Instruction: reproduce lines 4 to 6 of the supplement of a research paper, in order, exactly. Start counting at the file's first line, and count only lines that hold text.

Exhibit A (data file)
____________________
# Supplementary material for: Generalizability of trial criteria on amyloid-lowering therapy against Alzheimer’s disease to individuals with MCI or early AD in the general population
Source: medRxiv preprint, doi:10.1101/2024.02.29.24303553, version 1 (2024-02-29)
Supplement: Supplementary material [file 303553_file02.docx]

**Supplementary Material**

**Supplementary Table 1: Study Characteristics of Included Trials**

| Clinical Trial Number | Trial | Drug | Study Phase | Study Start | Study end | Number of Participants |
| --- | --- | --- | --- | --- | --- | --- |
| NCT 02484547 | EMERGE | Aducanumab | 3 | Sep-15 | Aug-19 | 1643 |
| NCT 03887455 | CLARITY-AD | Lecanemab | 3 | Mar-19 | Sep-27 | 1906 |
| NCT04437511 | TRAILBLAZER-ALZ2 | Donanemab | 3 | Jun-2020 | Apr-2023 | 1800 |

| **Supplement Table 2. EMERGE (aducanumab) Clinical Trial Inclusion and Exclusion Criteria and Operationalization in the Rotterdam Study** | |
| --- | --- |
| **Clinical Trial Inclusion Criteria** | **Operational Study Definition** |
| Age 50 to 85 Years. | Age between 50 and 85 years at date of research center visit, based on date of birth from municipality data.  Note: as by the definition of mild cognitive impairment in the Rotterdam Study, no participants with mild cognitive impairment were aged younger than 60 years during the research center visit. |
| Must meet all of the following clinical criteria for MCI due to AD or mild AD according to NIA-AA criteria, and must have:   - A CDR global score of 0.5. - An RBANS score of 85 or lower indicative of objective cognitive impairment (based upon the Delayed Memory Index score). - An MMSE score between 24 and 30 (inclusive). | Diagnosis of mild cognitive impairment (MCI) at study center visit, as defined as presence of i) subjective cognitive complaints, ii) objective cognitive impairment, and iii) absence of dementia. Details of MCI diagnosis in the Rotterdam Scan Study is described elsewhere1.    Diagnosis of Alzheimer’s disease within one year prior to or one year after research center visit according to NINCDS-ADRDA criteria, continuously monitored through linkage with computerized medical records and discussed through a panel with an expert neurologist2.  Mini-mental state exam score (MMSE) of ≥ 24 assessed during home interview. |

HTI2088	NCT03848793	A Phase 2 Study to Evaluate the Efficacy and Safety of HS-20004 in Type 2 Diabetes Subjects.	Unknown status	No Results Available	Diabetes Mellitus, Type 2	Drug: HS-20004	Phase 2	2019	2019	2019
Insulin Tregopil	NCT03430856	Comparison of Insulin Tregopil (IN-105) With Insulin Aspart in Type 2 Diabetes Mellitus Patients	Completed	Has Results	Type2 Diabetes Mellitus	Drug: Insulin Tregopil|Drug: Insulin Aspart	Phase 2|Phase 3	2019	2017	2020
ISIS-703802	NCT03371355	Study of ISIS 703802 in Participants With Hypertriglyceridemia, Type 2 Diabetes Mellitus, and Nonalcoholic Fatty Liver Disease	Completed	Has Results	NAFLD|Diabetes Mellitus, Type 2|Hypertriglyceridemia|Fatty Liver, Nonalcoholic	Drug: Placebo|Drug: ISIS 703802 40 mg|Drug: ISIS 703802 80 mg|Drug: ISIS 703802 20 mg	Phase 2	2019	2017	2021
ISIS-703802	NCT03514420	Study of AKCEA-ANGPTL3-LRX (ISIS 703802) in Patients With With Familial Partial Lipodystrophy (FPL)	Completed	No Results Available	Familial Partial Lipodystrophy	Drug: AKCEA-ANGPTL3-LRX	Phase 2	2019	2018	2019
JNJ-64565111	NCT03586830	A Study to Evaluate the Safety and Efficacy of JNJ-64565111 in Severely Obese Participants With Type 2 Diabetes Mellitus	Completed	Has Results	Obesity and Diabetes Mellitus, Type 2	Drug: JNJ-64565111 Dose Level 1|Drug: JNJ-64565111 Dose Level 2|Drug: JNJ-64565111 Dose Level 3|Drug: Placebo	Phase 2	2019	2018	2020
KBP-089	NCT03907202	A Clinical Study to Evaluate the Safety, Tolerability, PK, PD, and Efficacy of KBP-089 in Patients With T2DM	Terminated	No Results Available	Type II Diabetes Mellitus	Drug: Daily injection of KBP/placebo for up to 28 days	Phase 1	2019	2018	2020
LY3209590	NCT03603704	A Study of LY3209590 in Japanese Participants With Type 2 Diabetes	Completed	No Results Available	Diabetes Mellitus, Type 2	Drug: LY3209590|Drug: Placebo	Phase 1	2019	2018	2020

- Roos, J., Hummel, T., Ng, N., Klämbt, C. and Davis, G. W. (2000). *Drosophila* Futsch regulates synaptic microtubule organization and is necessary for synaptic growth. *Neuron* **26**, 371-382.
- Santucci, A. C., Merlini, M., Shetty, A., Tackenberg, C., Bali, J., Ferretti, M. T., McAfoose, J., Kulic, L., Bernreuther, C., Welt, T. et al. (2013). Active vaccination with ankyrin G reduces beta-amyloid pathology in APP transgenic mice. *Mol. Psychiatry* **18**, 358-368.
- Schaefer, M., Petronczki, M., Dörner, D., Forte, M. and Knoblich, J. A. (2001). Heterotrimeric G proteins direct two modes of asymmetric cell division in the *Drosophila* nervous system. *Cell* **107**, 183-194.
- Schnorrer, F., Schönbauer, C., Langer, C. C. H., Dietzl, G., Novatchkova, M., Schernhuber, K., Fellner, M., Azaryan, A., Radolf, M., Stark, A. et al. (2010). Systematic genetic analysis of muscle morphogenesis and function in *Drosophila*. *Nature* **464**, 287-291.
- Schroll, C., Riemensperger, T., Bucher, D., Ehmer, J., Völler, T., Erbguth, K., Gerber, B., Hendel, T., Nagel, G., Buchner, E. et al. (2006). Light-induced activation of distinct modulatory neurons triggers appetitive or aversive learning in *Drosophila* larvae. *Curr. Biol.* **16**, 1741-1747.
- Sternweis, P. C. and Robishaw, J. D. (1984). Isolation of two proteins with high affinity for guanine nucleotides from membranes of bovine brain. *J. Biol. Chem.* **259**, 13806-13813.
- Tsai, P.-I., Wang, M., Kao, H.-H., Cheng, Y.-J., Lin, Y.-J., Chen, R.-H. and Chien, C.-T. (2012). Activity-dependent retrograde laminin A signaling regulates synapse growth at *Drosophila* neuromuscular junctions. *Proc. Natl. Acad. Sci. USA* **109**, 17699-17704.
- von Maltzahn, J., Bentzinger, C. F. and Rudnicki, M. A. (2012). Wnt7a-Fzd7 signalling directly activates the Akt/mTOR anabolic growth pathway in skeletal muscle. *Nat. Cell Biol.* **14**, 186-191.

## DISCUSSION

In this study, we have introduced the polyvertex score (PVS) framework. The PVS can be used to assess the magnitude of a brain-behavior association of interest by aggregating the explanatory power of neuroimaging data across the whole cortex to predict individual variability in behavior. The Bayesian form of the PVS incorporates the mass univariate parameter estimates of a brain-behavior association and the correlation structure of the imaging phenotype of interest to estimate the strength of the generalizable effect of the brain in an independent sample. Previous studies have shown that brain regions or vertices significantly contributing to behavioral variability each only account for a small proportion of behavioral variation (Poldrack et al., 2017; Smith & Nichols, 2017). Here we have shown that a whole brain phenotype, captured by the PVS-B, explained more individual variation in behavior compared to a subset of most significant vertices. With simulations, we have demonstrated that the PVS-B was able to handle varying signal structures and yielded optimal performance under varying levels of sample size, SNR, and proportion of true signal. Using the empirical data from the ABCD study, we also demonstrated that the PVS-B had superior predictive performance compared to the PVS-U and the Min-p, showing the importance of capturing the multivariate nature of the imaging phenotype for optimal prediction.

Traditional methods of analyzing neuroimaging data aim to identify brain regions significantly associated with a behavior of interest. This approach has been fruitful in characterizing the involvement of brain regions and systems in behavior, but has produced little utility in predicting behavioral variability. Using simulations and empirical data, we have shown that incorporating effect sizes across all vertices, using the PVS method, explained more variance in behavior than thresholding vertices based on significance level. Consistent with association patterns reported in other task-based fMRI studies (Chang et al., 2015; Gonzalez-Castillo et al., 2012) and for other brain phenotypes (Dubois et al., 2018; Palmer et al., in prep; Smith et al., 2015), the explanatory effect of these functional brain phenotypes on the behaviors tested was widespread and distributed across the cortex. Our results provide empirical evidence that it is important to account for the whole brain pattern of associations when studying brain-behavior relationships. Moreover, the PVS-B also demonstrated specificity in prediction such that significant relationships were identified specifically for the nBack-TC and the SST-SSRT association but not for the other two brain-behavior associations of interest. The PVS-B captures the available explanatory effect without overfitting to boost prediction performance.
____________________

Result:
**Supplementary Material**

**Supplementary Table 1: Study Characteristics of Included Trials**

| Clinical Trial Number | Trial | Drug | Study Phase | Study Start | Study end | Number of Participants |